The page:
At Royal Izakaya in Queen Village, a torch passes
But something is definitely going on behind the innocuous blue door of Royal Izakaya. Something very special. The land of the "shiny fish." A sake lover's dream. A gastropub pioneer's vision for a tavern where Tokyo meets Philly over chashu pork wrapped in pillowy buns, grilled skewers, and karaage chicken wings that crackle with serrano heat in tangy vinegar and soy. Royal Izakaya also features the legacy of a Japanese master chef passing the spotlight and torch to his talented son. Literally.
Boosh! A jet of blue flame blasts from a canister in Jesse Ito's fist as he flashes the skin along a slice of raw "kinki," a rarely seen scorpion fish imported from Japan for the rarefied omakase tastings he serves in the new sushi room. Heat brings the oils to the surface of the skin, which puckers with smoky char and snaps beneath a pinch of chives against the dense white flesh.
We're tucked behind a curtain in a small room at the back of the izakaya, where eight lucky souls have secured a reservations-only seat around the gorgeous mahogany sushi counter. There's chatty fish talk between Jesse and his guests as he works away, plating fish with a finishing brush of soy before handing each piece over individually. But, mostly, this room is serene, punctuated by exclamations of pleasure as people wrap their lips around sweet ivory discs of truffle-dabbed live scallops or the luxury of Turkish bluefin tuna belly so marbled with fat it dissolves into an Omega 3 hum at the warm embrace of a bite.
The deep orange plumes of plump Hokkaido uni? They're firm for a moment then melt into a briny-sweet cream that triggers a giddy shudder, then a silent nod between me and my guest.
The energetic pulse of '70s glam rock and a boisterous barroom filters in as the curtain to the front room is pulled back, and I'm reminded Royal Izakaya is really a multifaceted project. In fact, it's two restaurants in one: the recently opened sushi room, a reservations-only haven where the prix-fixe menus go for $125 (18 pieces) and $65 (10 pieces); and the much larger, far more casual no-reservations izakaya pub up front with a massive menu of cooked small plates that comes with a more limited selection of sushi. It's also one of the most interesting new places to drink in town, with a deep roster of premium Japanese whiskies, myriad sakes, shochus, and craft beers, both Japanese and Japan-inspired locals, like the house lager from Tired Hands made with Royal Izakaya's sushi rice and yuzu.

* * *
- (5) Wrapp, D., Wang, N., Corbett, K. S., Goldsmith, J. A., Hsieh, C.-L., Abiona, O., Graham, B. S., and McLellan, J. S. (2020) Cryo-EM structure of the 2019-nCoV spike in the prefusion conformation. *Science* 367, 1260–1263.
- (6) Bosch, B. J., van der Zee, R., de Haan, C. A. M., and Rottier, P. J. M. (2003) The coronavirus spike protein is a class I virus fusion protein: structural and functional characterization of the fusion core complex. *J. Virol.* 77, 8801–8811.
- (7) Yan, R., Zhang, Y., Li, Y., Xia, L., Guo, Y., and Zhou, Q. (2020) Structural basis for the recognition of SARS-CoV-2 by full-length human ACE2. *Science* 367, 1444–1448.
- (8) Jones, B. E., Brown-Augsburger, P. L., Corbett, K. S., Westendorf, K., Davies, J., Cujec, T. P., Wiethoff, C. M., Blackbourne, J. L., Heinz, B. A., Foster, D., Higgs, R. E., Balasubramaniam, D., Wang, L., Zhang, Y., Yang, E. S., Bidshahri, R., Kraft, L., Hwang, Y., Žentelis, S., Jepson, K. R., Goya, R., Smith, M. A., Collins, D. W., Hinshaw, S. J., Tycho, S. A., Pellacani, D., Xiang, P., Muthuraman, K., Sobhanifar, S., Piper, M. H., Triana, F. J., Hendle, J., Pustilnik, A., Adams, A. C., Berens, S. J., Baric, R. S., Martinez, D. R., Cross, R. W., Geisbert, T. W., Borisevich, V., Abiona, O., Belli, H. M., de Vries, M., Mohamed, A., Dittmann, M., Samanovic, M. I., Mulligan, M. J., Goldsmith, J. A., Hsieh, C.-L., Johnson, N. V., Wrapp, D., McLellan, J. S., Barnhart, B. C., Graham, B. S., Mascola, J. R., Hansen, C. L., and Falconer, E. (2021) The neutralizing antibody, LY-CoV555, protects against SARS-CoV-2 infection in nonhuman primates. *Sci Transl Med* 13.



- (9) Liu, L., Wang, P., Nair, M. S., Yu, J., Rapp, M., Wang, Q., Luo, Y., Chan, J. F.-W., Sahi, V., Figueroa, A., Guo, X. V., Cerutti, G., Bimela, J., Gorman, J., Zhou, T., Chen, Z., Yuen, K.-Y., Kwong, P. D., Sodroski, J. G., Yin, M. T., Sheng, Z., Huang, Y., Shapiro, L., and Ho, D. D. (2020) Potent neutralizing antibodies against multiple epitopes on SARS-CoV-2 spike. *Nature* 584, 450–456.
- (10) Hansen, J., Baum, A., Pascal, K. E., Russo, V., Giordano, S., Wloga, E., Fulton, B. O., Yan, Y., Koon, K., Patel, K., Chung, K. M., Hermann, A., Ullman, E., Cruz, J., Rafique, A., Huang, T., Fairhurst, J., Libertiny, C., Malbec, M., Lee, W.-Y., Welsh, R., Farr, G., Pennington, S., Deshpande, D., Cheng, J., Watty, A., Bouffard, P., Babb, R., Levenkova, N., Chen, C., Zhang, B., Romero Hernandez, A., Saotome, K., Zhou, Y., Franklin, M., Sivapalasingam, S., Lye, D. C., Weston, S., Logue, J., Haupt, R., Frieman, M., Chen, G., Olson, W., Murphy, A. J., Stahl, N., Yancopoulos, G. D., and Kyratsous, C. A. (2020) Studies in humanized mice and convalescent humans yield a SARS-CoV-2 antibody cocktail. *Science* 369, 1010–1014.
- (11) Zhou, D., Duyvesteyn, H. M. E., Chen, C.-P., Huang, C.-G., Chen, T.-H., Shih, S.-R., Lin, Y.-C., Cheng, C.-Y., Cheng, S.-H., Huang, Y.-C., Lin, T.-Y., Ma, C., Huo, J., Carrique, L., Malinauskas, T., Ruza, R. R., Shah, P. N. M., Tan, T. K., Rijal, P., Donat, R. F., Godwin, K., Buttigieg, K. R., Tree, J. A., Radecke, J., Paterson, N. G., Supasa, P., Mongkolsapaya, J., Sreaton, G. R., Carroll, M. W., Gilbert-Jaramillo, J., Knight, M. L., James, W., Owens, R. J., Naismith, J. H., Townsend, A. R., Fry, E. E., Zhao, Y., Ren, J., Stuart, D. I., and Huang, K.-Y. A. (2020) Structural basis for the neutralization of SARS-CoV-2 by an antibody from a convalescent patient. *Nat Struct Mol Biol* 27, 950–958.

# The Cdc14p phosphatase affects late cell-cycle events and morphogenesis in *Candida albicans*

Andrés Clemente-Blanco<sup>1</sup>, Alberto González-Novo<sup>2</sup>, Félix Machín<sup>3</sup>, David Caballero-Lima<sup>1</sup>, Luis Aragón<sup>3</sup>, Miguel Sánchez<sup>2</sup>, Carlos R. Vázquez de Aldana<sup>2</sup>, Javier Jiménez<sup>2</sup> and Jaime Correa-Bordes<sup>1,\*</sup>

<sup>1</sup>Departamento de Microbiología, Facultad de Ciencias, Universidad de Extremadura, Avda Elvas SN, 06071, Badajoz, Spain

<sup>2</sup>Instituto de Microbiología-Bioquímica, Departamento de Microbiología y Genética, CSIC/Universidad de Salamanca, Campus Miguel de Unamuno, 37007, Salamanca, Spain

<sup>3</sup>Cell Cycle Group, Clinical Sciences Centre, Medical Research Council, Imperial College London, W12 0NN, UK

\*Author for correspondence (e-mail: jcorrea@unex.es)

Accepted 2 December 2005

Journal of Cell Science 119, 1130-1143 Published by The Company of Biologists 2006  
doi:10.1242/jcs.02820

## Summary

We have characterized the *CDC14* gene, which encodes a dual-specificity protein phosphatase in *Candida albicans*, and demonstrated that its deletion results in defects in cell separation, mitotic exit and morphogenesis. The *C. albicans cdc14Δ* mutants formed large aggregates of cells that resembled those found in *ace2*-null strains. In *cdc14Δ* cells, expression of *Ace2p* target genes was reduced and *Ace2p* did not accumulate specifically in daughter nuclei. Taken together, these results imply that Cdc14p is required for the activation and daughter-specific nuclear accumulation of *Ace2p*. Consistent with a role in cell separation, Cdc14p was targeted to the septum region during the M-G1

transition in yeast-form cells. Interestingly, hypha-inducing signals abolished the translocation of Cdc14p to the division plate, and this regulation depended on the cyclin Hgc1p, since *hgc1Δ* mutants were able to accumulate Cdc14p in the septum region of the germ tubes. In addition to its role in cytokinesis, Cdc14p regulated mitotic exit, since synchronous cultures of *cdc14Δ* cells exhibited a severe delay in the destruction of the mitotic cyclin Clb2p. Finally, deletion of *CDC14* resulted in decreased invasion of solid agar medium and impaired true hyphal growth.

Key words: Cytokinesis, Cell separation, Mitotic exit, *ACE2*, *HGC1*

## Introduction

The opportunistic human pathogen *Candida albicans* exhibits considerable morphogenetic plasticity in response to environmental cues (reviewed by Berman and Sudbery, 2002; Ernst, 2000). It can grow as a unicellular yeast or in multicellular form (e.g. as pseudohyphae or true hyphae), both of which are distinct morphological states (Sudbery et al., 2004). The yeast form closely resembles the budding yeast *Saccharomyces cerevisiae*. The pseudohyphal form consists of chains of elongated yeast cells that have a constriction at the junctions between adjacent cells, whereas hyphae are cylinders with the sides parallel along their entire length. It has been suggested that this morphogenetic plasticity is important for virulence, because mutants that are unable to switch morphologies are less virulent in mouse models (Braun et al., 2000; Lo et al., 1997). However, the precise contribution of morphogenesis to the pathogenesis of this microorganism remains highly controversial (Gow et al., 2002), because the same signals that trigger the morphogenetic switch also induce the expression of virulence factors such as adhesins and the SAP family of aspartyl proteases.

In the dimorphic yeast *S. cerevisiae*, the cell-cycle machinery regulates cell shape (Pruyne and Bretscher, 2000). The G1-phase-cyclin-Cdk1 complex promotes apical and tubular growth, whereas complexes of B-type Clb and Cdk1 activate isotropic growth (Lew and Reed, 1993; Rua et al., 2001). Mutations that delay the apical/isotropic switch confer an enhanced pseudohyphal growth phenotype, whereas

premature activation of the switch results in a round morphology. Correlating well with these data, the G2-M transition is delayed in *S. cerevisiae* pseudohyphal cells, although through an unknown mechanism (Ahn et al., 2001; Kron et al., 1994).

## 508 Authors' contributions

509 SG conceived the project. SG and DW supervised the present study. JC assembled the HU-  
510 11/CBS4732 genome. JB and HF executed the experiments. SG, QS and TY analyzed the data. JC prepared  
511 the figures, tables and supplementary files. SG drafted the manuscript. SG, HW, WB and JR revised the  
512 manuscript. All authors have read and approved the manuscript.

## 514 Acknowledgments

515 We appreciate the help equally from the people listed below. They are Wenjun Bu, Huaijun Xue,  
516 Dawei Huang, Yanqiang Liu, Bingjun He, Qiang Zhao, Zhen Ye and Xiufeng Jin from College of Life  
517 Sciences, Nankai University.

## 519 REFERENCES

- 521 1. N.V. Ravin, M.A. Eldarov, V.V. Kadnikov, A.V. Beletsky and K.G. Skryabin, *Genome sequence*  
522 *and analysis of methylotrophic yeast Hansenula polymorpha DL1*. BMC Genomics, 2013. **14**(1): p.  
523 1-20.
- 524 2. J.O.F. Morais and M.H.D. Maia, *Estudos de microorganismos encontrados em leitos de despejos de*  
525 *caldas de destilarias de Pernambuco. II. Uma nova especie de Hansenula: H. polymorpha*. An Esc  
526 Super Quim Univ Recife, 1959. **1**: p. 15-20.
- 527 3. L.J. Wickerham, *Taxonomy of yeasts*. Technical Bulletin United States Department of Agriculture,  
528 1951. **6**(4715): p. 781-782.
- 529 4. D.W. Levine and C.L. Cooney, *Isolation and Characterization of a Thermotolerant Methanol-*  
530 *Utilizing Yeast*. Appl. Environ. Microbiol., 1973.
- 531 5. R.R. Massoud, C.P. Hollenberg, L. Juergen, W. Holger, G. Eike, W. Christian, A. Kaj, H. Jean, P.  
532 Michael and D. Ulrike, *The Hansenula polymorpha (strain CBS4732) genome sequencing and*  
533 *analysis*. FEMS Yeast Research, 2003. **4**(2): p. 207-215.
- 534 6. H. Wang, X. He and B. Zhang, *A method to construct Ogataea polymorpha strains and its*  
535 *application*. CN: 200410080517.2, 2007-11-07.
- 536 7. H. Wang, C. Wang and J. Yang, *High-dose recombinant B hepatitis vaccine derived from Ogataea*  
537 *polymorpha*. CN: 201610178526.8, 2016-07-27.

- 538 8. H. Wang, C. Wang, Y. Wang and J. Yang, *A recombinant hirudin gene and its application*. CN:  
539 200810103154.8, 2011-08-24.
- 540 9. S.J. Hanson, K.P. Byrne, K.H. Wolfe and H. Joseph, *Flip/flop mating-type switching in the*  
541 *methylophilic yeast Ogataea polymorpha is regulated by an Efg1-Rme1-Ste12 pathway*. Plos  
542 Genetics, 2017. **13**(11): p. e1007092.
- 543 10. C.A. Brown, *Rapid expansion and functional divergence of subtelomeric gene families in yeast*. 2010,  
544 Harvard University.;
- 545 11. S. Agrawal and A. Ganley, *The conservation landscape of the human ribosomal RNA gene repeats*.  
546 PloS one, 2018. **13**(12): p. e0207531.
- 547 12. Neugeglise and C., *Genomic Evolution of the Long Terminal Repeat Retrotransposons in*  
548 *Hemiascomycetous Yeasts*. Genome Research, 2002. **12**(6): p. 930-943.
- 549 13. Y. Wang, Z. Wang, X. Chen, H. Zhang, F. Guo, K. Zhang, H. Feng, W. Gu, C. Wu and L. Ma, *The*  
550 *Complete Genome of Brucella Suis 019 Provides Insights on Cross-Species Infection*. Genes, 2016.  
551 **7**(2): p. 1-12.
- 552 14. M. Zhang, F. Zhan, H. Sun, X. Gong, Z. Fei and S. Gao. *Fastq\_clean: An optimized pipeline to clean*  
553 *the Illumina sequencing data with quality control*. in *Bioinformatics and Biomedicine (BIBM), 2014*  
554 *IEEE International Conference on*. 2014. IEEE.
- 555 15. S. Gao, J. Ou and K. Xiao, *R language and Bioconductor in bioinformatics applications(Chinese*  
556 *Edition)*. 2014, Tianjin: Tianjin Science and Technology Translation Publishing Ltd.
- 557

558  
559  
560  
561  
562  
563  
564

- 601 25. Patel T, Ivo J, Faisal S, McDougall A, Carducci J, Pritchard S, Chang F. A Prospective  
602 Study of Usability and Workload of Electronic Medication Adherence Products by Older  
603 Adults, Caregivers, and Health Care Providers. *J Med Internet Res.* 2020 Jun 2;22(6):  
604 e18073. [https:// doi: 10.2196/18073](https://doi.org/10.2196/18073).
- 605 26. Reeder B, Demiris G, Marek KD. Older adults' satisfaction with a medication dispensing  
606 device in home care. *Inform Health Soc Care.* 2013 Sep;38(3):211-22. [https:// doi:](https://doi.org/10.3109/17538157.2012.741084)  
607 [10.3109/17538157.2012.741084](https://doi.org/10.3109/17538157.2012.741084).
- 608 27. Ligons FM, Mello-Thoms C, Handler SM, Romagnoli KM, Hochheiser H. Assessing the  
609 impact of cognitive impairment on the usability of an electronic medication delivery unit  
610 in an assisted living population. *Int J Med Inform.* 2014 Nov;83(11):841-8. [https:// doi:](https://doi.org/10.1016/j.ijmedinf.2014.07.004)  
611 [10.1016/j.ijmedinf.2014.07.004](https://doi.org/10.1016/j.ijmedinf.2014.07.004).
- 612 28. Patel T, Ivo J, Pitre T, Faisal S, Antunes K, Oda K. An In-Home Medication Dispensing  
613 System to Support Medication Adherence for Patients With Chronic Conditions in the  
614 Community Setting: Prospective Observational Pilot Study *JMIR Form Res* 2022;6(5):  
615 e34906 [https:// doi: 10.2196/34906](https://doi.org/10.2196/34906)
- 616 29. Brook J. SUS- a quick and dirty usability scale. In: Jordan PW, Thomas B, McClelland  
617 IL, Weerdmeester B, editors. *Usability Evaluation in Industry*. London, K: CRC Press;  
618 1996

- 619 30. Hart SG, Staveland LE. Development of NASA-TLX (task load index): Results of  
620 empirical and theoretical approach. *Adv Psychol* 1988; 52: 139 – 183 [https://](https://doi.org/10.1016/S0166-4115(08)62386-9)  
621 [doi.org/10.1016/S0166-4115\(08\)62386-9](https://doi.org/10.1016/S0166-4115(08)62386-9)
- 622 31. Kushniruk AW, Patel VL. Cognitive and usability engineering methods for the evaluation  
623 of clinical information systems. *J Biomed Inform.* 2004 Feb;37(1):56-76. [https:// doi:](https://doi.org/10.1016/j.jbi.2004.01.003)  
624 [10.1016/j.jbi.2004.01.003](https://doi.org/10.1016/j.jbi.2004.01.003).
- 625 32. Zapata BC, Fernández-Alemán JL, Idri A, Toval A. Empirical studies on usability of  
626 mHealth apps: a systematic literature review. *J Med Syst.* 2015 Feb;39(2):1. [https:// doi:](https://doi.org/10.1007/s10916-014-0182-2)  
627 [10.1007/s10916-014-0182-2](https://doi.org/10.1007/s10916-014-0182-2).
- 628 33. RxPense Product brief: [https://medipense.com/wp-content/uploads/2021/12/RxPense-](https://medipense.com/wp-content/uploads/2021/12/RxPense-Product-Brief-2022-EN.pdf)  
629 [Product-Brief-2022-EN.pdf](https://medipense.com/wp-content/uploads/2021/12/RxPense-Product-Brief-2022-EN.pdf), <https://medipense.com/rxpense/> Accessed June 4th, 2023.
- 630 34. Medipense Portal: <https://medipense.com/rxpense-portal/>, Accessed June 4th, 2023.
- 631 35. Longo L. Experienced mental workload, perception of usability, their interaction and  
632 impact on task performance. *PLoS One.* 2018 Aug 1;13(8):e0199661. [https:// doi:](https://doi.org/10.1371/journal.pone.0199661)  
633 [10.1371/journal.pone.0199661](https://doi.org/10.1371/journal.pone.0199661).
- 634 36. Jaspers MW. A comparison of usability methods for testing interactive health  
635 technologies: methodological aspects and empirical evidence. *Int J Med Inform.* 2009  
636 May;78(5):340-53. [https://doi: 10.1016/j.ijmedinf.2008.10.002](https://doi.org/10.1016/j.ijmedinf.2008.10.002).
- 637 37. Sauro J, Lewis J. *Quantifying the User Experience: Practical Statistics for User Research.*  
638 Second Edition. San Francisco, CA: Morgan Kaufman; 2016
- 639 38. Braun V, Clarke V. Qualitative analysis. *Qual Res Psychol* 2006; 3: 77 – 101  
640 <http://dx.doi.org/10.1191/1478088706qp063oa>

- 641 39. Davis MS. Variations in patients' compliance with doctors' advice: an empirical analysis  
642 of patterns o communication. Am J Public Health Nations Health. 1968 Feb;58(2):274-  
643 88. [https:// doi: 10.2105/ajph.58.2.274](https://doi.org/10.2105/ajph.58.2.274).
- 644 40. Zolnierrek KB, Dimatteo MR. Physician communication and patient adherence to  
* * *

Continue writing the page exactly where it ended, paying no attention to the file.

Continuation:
by Craig LaBan, Restaurant Critic Critic@CraigLaban firstname.lastname@example.org
If my bon vivant pal is paying, we'll splurge big on a pricey tumbler of Yamazaki, Nikka, or Hakushu malt whisky (then segue into the list of shojus, by which time we should be gnawing on skate wing jerky).
If I'm eating salty bar snacks and want a refreshing quaff of Japanese beer, I'd drink any Hitichino Nest, various rice ales, or Stillwater's sake-style saison.
For raw fish, though, nothing works better than sake, which is available here in every style, from cloudy sweet nigoris to fun ginjos served in their own cups (Kitaro!)
My favorite, though, was a luxurious junmai daiginjo called Dassai 50 "Otter Fest," which was full-bodied and round, even with flavors of licorice and mint, that was the perfect chaser to a thick, pink slice of fat-marbled o-toro tuna.
Dassai 50 "Otter Fest," $22 a 5-ounce glass, $92 a 720 ml bottle, Royal Izakaya, 780 S. Second St
A major destination for all kinds of Japanese drinkables - top-notch (and pricey) whiskeys, a large collection of 33 sakes and a dozen shochu spirits, plus 30-plus craft beers, including Japanese rarities from Iwate
(sansho pepper ale; oyster stout), Koshihikari rice lager, and several Japanese-inspired American brews, including Tired Hands Royal Lager, a shandy-ish brew made with the restaurant's sushi rice and yuzu. Among the sakes, try the Bushido on draft over ice, the approachable Rita Pure Green, or the elegant richness of a Dassai 50 Junmai Daiginjo.